ZANMYAN: is all the techniques of combat with traditional weapons classified into three categories: blunt weapons, sharp weapons, and throwing weapons. Each category itself is divided into three subcategories that are developed according to the different combat distances: short weapons (example: the boutou), medium weapons (waka tiki) and long weapons (Pagay).
The art of using and studying the weapons of Djokan is called Zanmyan. There are a multitude of weapons in the Djokan. Originating of Native Americans, bushinegé, and Creoles, the weapons of Djokan made their mark in time. Weapons in the past or a weapon today, they maintained their history, their affiliation, their technical nature. Thus, in Djokan, one passes from a weapon of African descent like the Kodja to a Native American weapon, the Putu, two kinds of clubs.
Long ago, weapons of war and death, agricultural tools, everyday objects are now used to practice in order to strengthen and unify the body and mind.
The study of Zanmyan becomes a true path of man’s accomplishments, a way to fulfill oneself. That is the reason for why the usage of weapons is an integral part of the learning of Djokan and is fundamental to understand adaptability.
Zanmyan is complementary of the practice with bare hands (Djoubate) and permits increasing precision of movements, the management of one’s emotions and self-control, the representation of the bodily diagram and the use and saving of one’s energy.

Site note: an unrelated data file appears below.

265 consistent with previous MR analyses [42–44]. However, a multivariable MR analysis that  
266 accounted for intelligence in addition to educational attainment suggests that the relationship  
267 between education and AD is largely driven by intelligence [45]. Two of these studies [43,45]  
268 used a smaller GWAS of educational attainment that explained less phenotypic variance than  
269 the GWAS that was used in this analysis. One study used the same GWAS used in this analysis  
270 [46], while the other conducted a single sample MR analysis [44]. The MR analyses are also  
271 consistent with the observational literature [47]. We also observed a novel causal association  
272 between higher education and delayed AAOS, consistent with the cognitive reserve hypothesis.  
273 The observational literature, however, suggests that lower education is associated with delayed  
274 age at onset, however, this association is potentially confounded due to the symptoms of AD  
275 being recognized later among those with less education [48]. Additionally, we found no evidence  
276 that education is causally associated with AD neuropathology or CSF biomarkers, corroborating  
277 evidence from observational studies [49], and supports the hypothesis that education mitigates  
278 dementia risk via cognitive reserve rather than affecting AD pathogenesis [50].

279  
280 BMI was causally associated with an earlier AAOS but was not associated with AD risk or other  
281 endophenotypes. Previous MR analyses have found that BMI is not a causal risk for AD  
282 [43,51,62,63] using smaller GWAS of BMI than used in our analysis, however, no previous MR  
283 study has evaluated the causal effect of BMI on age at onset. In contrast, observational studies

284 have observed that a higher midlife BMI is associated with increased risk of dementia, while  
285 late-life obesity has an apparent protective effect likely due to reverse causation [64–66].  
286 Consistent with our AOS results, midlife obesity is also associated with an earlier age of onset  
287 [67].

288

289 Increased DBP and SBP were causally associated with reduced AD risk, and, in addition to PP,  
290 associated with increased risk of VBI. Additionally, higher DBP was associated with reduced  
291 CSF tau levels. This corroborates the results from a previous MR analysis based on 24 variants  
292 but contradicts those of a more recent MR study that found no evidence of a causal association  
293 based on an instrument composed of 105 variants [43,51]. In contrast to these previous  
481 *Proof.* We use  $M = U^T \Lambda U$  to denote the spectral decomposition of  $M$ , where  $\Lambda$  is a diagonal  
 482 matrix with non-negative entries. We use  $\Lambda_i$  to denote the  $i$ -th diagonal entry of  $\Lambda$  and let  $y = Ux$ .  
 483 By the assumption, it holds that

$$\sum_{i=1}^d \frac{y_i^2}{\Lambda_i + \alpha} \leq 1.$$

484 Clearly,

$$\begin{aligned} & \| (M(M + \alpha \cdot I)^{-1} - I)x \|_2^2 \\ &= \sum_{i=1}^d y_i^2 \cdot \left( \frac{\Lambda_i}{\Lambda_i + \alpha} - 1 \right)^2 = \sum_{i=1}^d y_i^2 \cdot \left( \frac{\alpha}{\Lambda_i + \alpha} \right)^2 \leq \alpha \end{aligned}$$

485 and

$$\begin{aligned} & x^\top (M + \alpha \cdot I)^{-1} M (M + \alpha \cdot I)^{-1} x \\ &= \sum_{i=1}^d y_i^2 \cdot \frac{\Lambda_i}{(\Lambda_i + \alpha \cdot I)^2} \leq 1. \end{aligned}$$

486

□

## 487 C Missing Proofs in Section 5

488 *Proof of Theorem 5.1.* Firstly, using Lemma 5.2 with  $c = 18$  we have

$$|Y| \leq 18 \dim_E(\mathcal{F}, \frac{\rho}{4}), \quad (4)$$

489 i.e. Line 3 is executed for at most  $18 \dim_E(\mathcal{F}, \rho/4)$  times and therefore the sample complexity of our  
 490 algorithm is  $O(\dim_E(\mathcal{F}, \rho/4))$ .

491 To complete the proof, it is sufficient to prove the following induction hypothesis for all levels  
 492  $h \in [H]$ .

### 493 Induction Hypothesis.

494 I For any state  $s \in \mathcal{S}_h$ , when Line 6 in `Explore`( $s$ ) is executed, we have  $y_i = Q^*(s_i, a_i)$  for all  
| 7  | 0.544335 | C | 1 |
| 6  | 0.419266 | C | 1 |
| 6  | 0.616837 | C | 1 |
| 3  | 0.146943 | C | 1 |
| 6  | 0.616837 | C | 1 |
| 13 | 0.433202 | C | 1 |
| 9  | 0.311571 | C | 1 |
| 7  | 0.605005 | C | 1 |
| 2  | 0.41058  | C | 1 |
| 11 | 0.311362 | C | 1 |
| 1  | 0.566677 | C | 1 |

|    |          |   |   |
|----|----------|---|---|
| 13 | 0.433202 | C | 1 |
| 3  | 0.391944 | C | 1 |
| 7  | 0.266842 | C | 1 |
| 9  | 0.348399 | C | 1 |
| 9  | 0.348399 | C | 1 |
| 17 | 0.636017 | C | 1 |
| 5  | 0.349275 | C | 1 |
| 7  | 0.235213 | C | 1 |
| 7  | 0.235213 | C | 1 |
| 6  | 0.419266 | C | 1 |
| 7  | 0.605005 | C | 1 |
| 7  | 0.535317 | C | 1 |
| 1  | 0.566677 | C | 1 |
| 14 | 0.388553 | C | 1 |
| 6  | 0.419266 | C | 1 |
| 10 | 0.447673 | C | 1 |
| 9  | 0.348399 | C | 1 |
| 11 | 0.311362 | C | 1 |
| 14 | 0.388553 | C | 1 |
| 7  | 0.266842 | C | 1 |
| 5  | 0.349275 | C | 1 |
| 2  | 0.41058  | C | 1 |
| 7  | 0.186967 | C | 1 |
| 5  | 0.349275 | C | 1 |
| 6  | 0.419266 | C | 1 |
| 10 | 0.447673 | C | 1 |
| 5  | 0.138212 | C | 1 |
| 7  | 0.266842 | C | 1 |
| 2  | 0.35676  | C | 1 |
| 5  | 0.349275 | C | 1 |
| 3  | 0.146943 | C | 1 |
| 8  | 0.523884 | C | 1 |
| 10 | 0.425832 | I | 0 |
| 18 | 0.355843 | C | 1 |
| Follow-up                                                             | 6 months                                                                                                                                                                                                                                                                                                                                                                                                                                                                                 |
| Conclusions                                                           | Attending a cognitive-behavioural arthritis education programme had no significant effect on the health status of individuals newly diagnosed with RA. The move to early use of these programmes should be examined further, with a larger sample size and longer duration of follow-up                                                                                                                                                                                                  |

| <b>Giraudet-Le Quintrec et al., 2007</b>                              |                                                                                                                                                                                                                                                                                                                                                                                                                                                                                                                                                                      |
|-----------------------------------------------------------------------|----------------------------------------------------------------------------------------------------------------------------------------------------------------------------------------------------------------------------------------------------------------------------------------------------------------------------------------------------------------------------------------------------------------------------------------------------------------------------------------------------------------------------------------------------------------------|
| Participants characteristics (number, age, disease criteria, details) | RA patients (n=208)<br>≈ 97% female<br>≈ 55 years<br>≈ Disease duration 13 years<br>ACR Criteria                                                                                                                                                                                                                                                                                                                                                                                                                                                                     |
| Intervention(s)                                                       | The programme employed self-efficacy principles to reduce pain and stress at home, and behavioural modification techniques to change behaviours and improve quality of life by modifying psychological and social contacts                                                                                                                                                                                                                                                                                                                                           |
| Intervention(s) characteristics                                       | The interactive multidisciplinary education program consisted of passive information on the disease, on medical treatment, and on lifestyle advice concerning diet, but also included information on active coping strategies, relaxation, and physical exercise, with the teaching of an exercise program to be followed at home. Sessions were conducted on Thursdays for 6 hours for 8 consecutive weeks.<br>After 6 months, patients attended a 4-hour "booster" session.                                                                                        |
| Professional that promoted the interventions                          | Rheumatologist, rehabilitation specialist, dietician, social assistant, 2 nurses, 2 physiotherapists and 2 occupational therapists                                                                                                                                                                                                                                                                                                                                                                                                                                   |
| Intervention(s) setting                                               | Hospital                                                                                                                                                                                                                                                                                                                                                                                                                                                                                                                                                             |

Finally, Zanmyan really marks the idea of possessing a heritage, of keeping and preserving a tradition.
The Distinctions (basic weapons):
Takari: The long stick can measure 2 meters, even 3 to 4 meters
Boutou: The short stick measures 45 to 65 cm, used alone or in pairs (Déboutou)
Boukan: A weapons combining a fighting stick and a short stick.
The Short Spear
Aputu: The long Native American spear
Saguy: The machete and sword can be used alone or in pairs (Désaguy). Usually this means any type of knife
Waka Tiki: The fighting stick of 100 to 120 cm
Kapal: The rectangular Native American club
Kodja: The Bushinengé club
Siwalapa: The round Native American club
Pagay: The paddle
Mata Tiki: The great pilon stick (two-headed):
Kuudi: The great Native American shield
Makoupi: The small shield
Wiwa: The Native American pic used alone or in pairs
Fourka: Pole with 2 or 3 ends
Mayoumbé: The pitchfork
Walata: The short spear
NB: This list is not exhaustive.